At The FT, Jonathan Ford reports that after 2006, private equity returns have been about the same as those from tradeable stocks. Yet, despite higher fees and lower liquidity, investors are still clamoring for private equity investments. He writes:
Academics have long questioned whether the internal rate of return (IRR) calculations favoured by buyout firms overstate their performance against quoted stocks.
Consequently, most recent studies favour the so-called “Public Market Equivalent” measure, which takes all the cash flows between the investors and a buyout fund, net of fees, and discounts them at the rate of return on the relevant benchmark (for example the stock market). On this basis, the outperformance vanishes.
A large study conducted in 2015 by three academics looked at nearly 800 US buyout funds between 1984 and 2014. They found that before 2006, these funds delivered an excess return of about 3 per cent per annum, net of fees, relative to the S&P 500 index. In subsequent years though, returns have been about the same as on the stock markets. A study of European markets produced similar results.
So why are pension fund investors continuing to pump huge allocations at private equity? Last year $301bn was poured into US buyout funds, a quarter more than the previous record set in 2017.
The investment in private equity funds that perform about the same as the market could simply be a case of cheap, abundant money chasing limited opportunities. But what happens when liquidity dries up and investors want their money back? Ford explains:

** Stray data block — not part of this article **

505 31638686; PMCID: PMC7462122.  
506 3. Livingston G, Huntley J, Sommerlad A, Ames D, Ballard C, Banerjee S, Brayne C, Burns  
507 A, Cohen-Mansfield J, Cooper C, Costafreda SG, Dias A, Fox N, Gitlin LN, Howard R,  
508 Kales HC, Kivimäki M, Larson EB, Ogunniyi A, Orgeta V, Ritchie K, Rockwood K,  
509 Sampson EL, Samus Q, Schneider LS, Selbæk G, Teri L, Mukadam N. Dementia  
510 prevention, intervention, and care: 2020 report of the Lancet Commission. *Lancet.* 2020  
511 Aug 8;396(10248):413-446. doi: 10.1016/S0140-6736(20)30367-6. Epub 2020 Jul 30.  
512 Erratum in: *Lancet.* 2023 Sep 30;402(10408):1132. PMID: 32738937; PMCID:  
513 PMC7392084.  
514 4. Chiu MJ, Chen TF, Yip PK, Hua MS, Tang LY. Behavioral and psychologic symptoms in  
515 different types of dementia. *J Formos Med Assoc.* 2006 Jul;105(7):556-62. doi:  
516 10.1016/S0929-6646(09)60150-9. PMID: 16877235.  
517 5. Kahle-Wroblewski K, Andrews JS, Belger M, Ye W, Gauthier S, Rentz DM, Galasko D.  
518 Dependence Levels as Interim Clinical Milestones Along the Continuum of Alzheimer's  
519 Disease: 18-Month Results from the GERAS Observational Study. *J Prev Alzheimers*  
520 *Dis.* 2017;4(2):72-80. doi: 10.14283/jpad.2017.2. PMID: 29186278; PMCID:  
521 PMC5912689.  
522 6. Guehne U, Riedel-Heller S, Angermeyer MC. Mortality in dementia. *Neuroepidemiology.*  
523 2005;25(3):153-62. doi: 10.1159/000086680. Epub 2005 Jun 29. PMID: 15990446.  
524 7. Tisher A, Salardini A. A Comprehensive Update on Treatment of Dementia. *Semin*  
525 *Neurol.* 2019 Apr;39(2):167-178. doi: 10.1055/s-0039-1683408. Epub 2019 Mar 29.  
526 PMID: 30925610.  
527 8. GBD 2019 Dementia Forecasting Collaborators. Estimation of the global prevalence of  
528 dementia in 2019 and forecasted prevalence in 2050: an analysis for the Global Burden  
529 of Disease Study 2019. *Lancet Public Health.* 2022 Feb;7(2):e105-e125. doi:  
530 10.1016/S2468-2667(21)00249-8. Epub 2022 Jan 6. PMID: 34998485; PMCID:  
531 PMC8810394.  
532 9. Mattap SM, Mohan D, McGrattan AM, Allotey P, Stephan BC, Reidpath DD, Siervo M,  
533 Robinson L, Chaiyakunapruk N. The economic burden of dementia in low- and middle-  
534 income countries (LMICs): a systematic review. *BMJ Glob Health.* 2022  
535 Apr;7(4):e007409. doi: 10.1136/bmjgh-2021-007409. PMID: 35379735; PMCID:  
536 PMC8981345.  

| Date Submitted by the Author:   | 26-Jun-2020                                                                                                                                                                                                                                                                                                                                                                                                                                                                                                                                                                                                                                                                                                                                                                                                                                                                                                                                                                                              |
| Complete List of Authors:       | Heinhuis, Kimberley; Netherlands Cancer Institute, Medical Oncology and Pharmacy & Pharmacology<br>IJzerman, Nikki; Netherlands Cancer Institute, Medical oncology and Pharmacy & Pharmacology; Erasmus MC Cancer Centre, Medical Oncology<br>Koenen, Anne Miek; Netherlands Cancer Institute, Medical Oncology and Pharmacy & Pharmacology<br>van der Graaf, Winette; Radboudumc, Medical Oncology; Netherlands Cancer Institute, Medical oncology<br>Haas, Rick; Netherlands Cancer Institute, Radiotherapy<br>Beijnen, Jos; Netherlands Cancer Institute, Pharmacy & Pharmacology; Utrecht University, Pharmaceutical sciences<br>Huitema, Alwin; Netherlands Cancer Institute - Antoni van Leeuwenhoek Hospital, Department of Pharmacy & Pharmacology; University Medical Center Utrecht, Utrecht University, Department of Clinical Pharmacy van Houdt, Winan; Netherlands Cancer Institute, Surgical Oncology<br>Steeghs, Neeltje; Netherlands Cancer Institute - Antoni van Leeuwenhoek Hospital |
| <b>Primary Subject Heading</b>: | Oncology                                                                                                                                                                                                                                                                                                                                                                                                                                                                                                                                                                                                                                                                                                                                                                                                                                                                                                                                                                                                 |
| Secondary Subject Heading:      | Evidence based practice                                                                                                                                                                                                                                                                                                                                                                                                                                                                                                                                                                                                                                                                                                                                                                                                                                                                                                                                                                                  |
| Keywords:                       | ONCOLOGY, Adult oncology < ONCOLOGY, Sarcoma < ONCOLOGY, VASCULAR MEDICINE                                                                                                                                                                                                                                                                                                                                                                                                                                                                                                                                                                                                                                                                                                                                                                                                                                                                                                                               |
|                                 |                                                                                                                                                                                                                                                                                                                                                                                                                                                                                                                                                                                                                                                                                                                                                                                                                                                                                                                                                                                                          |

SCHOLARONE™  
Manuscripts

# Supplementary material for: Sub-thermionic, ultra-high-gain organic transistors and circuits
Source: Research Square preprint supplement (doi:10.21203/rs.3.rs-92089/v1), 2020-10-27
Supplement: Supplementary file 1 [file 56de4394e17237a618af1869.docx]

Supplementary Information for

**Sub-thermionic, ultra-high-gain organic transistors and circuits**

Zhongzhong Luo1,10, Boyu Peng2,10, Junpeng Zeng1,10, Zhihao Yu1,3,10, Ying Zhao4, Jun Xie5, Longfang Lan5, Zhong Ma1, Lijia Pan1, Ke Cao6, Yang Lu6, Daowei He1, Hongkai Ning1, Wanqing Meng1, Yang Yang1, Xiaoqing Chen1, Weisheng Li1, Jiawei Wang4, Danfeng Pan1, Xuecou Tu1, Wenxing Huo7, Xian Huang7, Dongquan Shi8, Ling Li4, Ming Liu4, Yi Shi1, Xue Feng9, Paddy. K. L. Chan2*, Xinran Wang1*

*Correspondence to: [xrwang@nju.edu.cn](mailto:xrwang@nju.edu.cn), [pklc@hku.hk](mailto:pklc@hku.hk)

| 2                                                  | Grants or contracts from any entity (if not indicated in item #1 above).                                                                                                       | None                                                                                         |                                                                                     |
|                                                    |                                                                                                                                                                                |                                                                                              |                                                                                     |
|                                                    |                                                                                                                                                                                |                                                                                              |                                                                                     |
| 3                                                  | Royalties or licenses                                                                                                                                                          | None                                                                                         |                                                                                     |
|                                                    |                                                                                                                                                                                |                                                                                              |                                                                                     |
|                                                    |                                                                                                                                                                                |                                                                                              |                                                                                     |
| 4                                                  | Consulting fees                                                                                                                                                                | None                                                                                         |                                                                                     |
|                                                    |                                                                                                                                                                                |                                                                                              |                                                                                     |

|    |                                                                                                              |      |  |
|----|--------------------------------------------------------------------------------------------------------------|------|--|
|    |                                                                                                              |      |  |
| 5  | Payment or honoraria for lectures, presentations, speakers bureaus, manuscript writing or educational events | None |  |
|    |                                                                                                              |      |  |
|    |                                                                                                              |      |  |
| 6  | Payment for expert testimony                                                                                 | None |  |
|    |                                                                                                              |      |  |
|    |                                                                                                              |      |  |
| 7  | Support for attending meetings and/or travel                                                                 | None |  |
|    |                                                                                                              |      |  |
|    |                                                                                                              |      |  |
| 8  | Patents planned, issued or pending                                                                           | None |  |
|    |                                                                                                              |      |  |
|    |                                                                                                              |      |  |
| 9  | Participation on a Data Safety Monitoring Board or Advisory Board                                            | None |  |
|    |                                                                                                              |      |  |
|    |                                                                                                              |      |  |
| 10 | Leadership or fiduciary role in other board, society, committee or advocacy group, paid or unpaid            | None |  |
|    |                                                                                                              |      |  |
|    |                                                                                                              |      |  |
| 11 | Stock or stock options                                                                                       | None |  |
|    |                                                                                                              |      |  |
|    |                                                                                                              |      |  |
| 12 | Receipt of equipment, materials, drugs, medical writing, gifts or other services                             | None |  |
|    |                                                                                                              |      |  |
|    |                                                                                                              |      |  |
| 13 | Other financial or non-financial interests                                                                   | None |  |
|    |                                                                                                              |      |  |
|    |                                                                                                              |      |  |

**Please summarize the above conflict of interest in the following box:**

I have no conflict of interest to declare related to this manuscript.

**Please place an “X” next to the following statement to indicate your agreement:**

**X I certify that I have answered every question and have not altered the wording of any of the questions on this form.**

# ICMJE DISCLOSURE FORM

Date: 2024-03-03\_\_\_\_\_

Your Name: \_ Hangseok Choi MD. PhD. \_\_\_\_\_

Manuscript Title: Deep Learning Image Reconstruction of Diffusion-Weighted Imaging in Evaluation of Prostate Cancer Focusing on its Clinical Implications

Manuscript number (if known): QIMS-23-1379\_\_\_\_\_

“Liquid, accurately priced investments let you know how volatile they are and smack your face with it,” he says.
Opaquely-priced and illiquid private equity, by contrast, obliterates the temptation. Just as Odysseus stuffed beeswax in his crew’s ears and had them lash him to a mast to resist the call of the sirens, pension funds use the manacles of a private equity contract to resist liquidity’s lure.
Of course, there are ways they could avoid paying up for the privilege, such as trimming that average 6 per cent fee charged by private equity.
But that presumes it is a conscious decision, not something they have slipped into almost out of habit.
Odysseus may have understood what he was doing when he had himself trussed up. But how many of the pension funds accepting private equity’s “illiquidity discount” are doing so knowingly?
Illiquidity is not costless. That is why it is supposed to be compensated. Those costs have been suppressed in recent years, when bear markets have tended to be short and sharp. But consider the impact of a prolonged 1970s style downturn. Then investors might rue the shackles they paid to don.
Read more here.